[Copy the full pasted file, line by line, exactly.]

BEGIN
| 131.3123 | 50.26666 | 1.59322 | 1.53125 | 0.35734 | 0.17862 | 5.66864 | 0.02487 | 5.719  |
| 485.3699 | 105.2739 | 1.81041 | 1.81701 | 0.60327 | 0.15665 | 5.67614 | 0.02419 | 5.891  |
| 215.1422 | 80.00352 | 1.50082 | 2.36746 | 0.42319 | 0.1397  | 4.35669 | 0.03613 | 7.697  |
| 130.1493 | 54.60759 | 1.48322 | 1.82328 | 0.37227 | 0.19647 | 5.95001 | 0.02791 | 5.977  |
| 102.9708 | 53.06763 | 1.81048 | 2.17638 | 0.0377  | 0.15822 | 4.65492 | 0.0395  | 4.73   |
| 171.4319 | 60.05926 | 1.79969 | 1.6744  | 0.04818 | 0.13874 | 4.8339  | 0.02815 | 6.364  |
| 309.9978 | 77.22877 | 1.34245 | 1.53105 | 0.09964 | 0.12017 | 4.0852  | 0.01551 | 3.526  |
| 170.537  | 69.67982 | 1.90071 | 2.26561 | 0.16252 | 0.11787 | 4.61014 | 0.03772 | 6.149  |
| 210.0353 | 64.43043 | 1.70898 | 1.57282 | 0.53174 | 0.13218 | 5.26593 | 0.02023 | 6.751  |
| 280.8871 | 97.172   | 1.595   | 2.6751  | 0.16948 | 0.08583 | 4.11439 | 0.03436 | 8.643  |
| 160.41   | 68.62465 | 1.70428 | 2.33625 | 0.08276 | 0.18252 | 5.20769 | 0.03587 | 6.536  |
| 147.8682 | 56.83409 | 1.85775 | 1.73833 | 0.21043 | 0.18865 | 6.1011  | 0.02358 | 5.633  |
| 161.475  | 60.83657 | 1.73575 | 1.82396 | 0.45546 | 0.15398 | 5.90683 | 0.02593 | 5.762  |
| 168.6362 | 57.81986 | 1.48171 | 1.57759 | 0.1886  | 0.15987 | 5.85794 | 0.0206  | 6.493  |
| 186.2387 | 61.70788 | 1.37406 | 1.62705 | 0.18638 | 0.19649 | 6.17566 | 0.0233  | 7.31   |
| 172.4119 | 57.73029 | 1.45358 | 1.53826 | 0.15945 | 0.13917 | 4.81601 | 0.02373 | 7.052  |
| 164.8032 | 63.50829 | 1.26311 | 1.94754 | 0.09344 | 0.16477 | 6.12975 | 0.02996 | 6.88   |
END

| 131.3123 | 50.26666 | 1.59322 | 1.53125 | 0.35734 | 0.17862 | 5.66864 | 0.02487 | 5.719  |
| 485.3699 | 105.2739 | 1.81041 | 1.81701 | 0.60327 | 0.15665 | 5.67614 | 0.02419 | 5.891  |
| 215.1422 | 80.00352 | 1.50082 | 2.36746 | 0.42319 | 0.1397  | 4.35669 | 0.03613 | 7.697  |
| 130.1493 | 54.60759 | 1.48322 | 1.82328 | 0.37227 | 0.19647 | 5.95001 | 0.02791 | 5.977  |
| 102.9708 | 53.06763 | 1.81048 | 2.17638 | 0.0377  | 0.15822 | 4.65492 | 0.0395  | 4.73   |
| 171.4319 | 60.05926 | 1.79969 | 1.6744  | 0.04818 | 0.13874 | 4.8339  | 0.02815 | 6.364  |
| 309.9978 | 77.22877 | 1.34245 | 1.53105 | 0.09964 | 0.12017 | 4.0852  | 0.01551 | 3.526  |
| 170.537  | 69.67982 | 1.90071 | 2.26561 | 0.16252 | 0.11787 | 4.61014 | 0.03772 | 6.149  |
| 210.0353 | 64.43043 | 1.70898 | 1.57282 | 0.53174 | 0.13218 | 5.26593 | 0.02023 | 6.751  |
| 280.8871 | 97.172   | 1.595   | 2.6751  | 0.16948 | 0.08583 | 4.11439 | 0.03436 | 8.643  |
| 160.41   | 68.62465 | 1.70428 | 2.33625 | 0.08276 | 0.18252 | 5.20769 | 0.03587 | 6.536  |
| 147.8682 | 56.83409 | 1.85775 | 1.73833 | 0.21043 | 0.18865 | 6.1011  | 0.02358 | 5.633  |
| 161.475  | 60.83657 | 1.73575 | 1.82396 | 0.45546 | 0.15398 | 5.90683 | 0.02593 | 5.762  |
| 168.6362 | 57.81986 | 1.48171 | 1.57759 | 0.1886  | 0.15987 | 5.85794 | 0.0206  | 6.493  |
| 186.2387 | 61.70788 | 1.37406 | 1.62705 | 0.18638 | 0.19649 | 6.17566 | 0.0233  | 7.31   |
| 172.4119 | 57.73029 | 1.45358 | 1.53826 | 0.15945 | 0.13917 | 4.81601 | 0.02373 | 7.052  |
| 164.8032 | 63.50829 | 1.26311 | 1.94754 | 0.09344 | 0.16477 | 6.12975 | 0.02996 | 6.88   |